My next adventure is a transcendent one: a visit to Muluk Spa, a relaxing oasis at Hotel Xcaret Mexico, where I will spend a couple hours unwinding and relaxing. I enter through stone tunnels and emerge in a serene space with a wall of windows facing beautiful limestone walls rising up from natural pools framed by palm trees and cascading vines. The sound of water is everywhere.
My spa valet, Isela, hands me a glass of delicious strawberry juice and accompanies me to the hydrotherapy circuit. The water experiences are designed to stimulate and rejuvenate guests inside and out and include a sauna, steam room, cold and hot splash pools, and a dynamic pool, with waterfalls and soothing underwater jets.
My massage therapist, Candelaria, greets me and then performs a Mayan cleansing, using an herb bunch, fan, and burning sage leaves. Afterward it’s as if an enchanting spell takes hold, and I surrender to the moment and to Candelaria’s skillful hands. When it ends, I slowly come to my senses, feeling as if I am awakening from a deep slumber.
The rest of the afternoon I spend relaxing by my favorite pool and kayaking in the resort’s protected coves beside La Playa. Before long, it’s time to get ready for my next adventure: the Mexico Spectacular Dinner Show at Xcaret Mexico, the original eco-park that jumpstarted the Xcaret brand.
I’ve visited the park before and love its many offerings, but the Mexico Spectacular Dinner Show is a favorite. I join two journalists from New York for a ringside seat, complete with a gourmet tasting menu, and we watch in awe as the story of Mexico’s history is acted out on a center stage by hundreds of performers, sometimes wearing masks, sometimes riding horses, always entertaining.
The highlight is the Dance of the Flyers, a fertility ritual originating in the state of Veracruz that dates back 600 years. From a pole 90 feet high four men unfurl along ropes and swing around the pole as the ropes lengthen. Meanwhile, a fifth man plays the flute from atop the pole. It’s a moving performance to watch, and we are enthralled.
Symphony of flavors
It’s my last full day at Xcaret, and I never want to leave. In the morning I join the Xenotes tour and spend the day splashing in beautiful cenotes, zip lining, kayaking, and, scariest of all, jumping from stone ledges 20 feet down into a cenote. I’m sad I don’t have time for some of the other parks and tours that are included in my stay, but I’m thrilled I get to enjoy cenotes for the first time – and hopefully not the last.
My final night is going to be another adventure, this time, a culinary one at a restaurant called Ha’, the Mayan word for water. This gourmet tasting experience has a surcharge, but it’s a flavorful journey I will never forget. Carlos Gaytán, the first Mexican chef to receive a Michelin Star, is the genius behind Ha’. In a bold architectural setting with water features everywhere you look, Chef Carlos uses flavors, textures, and temperatures to tell a surprising story and, at the same time, teach us about his love for his homeland.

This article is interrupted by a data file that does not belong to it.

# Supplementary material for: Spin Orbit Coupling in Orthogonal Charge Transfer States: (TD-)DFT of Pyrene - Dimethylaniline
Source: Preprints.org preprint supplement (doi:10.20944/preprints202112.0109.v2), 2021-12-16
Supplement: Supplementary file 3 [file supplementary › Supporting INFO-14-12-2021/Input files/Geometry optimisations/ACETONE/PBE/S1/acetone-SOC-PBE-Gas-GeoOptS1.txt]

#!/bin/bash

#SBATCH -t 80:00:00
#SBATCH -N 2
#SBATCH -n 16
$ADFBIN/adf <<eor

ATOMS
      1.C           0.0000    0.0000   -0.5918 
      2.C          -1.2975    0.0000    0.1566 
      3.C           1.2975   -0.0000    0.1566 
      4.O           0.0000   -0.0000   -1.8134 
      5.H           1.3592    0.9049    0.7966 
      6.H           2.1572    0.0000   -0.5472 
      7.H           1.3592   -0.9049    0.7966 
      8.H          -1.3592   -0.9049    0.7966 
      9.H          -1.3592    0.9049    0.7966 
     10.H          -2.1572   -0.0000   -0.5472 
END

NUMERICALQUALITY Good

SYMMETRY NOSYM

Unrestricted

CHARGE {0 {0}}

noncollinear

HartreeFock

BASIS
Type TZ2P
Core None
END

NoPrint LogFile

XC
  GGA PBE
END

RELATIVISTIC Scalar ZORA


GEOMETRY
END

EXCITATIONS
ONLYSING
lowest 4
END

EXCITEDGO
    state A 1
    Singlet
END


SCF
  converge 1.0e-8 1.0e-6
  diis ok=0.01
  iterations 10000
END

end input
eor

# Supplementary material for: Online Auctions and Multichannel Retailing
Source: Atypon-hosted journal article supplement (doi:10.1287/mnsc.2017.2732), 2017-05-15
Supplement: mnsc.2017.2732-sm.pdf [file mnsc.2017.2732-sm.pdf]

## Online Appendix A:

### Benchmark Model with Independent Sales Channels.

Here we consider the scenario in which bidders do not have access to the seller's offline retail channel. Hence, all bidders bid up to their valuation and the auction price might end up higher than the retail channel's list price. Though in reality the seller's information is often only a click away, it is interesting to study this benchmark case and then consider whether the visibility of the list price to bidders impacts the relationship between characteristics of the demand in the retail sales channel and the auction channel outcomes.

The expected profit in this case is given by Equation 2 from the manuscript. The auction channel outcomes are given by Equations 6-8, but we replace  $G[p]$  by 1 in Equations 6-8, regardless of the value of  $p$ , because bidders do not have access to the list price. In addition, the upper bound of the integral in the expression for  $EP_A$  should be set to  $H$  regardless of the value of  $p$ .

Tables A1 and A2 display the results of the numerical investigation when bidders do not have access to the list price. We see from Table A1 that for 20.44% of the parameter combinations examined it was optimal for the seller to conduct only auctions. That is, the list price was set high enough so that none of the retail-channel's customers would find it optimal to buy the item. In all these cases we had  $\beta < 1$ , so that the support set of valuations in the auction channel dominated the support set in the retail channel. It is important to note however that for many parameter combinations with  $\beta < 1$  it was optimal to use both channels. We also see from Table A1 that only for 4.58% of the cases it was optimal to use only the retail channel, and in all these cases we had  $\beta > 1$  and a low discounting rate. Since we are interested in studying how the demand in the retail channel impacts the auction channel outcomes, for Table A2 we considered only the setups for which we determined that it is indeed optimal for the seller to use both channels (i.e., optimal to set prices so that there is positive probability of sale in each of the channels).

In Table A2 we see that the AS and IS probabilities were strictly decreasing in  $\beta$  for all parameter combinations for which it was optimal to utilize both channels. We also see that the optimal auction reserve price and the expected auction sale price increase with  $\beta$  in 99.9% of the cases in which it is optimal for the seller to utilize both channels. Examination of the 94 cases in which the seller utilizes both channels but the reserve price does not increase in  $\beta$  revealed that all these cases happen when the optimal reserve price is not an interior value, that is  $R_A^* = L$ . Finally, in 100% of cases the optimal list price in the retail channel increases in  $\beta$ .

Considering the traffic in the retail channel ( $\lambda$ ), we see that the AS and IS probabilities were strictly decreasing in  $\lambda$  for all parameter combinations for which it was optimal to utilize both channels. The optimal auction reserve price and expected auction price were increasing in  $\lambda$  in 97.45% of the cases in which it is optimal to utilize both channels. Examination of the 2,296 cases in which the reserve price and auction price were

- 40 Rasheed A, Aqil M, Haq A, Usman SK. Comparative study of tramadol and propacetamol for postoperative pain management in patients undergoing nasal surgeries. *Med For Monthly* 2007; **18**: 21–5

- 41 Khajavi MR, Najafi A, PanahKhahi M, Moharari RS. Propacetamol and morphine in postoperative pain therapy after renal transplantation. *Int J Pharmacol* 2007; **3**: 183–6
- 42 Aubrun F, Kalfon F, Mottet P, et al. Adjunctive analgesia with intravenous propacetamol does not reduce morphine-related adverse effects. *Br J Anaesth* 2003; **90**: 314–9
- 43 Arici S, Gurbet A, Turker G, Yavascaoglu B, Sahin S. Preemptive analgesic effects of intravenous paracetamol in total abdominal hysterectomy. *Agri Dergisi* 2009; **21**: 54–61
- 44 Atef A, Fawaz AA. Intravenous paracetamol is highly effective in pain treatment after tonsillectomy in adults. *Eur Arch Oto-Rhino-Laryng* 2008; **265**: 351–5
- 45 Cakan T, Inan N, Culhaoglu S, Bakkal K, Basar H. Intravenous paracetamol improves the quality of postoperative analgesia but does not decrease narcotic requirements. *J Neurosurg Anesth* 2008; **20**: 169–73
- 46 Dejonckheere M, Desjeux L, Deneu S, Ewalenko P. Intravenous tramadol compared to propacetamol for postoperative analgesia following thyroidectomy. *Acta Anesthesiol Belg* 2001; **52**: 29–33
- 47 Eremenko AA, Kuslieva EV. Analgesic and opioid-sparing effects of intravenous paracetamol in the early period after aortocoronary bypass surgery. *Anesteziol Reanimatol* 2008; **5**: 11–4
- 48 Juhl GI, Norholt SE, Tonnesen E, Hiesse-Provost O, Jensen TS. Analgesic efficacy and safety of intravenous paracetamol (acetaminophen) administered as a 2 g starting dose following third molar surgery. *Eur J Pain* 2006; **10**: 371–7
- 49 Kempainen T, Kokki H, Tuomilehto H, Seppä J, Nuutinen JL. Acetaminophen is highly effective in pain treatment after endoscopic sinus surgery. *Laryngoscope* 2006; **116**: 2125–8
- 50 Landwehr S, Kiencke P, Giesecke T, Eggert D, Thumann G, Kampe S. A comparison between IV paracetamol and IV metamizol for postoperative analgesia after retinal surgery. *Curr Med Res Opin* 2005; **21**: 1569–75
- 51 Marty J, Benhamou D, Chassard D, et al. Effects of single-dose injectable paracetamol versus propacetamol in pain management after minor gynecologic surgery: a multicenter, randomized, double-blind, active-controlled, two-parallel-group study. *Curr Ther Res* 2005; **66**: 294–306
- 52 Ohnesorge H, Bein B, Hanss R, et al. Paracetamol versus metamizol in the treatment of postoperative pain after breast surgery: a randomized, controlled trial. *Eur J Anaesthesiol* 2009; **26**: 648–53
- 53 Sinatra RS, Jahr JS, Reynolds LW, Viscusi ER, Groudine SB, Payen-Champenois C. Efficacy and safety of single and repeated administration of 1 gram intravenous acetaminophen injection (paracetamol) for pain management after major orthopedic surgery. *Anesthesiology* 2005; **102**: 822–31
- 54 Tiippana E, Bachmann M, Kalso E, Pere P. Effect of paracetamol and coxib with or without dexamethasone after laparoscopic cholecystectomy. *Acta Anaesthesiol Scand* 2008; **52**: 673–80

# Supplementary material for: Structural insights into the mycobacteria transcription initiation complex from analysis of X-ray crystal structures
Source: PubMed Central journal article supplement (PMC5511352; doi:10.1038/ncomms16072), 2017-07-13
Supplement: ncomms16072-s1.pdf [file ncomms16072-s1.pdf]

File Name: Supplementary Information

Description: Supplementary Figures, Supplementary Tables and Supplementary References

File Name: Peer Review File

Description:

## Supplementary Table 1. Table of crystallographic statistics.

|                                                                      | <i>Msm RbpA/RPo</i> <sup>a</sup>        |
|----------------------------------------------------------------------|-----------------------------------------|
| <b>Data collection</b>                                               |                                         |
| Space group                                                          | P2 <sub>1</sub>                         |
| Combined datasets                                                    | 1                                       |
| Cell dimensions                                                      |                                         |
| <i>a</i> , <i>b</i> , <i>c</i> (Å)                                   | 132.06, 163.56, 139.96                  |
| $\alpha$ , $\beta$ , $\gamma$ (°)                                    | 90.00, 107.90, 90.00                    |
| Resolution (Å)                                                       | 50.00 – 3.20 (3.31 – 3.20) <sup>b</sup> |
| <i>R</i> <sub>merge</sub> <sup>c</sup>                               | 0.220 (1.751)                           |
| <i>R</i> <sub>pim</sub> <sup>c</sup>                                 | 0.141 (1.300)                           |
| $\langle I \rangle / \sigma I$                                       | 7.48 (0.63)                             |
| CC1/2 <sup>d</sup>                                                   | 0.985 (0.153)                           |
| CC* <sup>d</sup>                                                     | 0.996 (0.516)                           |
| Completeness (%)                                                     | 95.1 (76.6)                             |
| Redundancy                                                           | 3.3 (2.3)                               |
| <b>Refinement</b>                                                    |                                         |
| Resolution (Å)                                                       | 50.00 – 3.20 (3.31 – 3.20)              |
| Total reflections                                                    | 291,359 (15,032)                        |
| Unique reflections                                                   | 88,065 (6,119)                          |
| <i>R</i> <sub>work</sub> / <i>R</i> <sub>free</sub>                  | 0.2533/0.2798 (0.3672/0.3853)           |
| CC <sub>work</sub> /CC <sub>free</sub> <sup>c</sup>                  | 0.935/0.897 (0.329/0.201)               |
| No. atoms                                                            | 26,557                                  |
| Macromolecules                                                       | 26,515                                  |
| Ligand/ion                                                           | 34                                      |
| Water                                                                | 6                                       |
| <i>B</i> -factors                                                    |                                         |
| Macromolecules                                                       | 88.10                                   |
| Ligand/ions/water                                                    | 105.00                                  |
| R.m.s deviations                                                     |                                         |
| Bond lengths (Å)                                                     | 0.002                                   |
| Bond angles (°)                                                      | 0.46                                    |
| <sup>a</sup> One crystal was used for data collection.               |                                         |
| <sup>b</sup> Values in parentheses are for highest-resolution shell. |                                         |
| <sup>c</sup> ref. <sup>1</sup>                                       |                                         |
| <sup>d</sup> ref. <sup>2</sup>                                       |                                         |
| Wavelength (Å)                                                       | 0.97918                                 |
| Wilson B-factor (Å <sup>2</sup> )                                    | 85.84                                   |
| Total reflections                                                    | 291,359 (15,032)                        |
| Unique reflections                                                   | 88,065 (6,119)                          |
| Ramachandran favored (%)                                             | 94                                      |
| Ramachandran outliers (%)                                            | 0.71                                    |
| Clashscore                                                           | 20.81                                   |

I meet my New York friends in Ha’, where we ooh and ahh while indulging in the 7-course tasting menu paired with exquisite wines and spirits. The remarkable presentation of each dish in unique vessels and artistic bowls lends flair to cuisine that is already some of the most delicious and imaginative I have ever tasted. The menu is a symphony of flavors, an overture to how creativity and patience can transform ordinary ingredients into masterpieces.
One dish features a langostino, or shrimp, nestled in what looks like a king crab shell topped with vanilla buerre blanc, saffron béarnaise, curried egg yolk, and Pernod. As we admire the presentation, our server pours a dramatic cloud of ginger smoke over the dish. Another memorable course is a gorgeous marbled disc of foie gras with pickled baby beetroot, pink mole, red berry gel, and pine nut puree. Every single moment, every flavor of this meal is extraordinary – and the service is equally superlative, Ha’ is one of my top five restaurant meals, for sure.
In a few short days, Xcaret has captured my heart. As a memento, I receive a book about the owner of Grupo Xcaret and his passion for creating top-quality destinations for his guests. Xuenos tells the story of Miguel Quintana Pali, an architect who started his empire with twelve acres and has since dedicated his life to perfecting the visitor experience at his hotels, parks, and tours. Promoting sustainable tourism and following a philosophy of happiness that extends both to guests and employees have been key to his company’s success.
You can feel the love at Xcaret, and when you leave, the happy feeling stays with you.
Start your visit to Hotel Xcaret Mexico online.
Peggy Sijswerda lives in Virginia Beach and writes about travel and wellness. She also publishes two local magazines, Tidewater Women and Tidewater Family.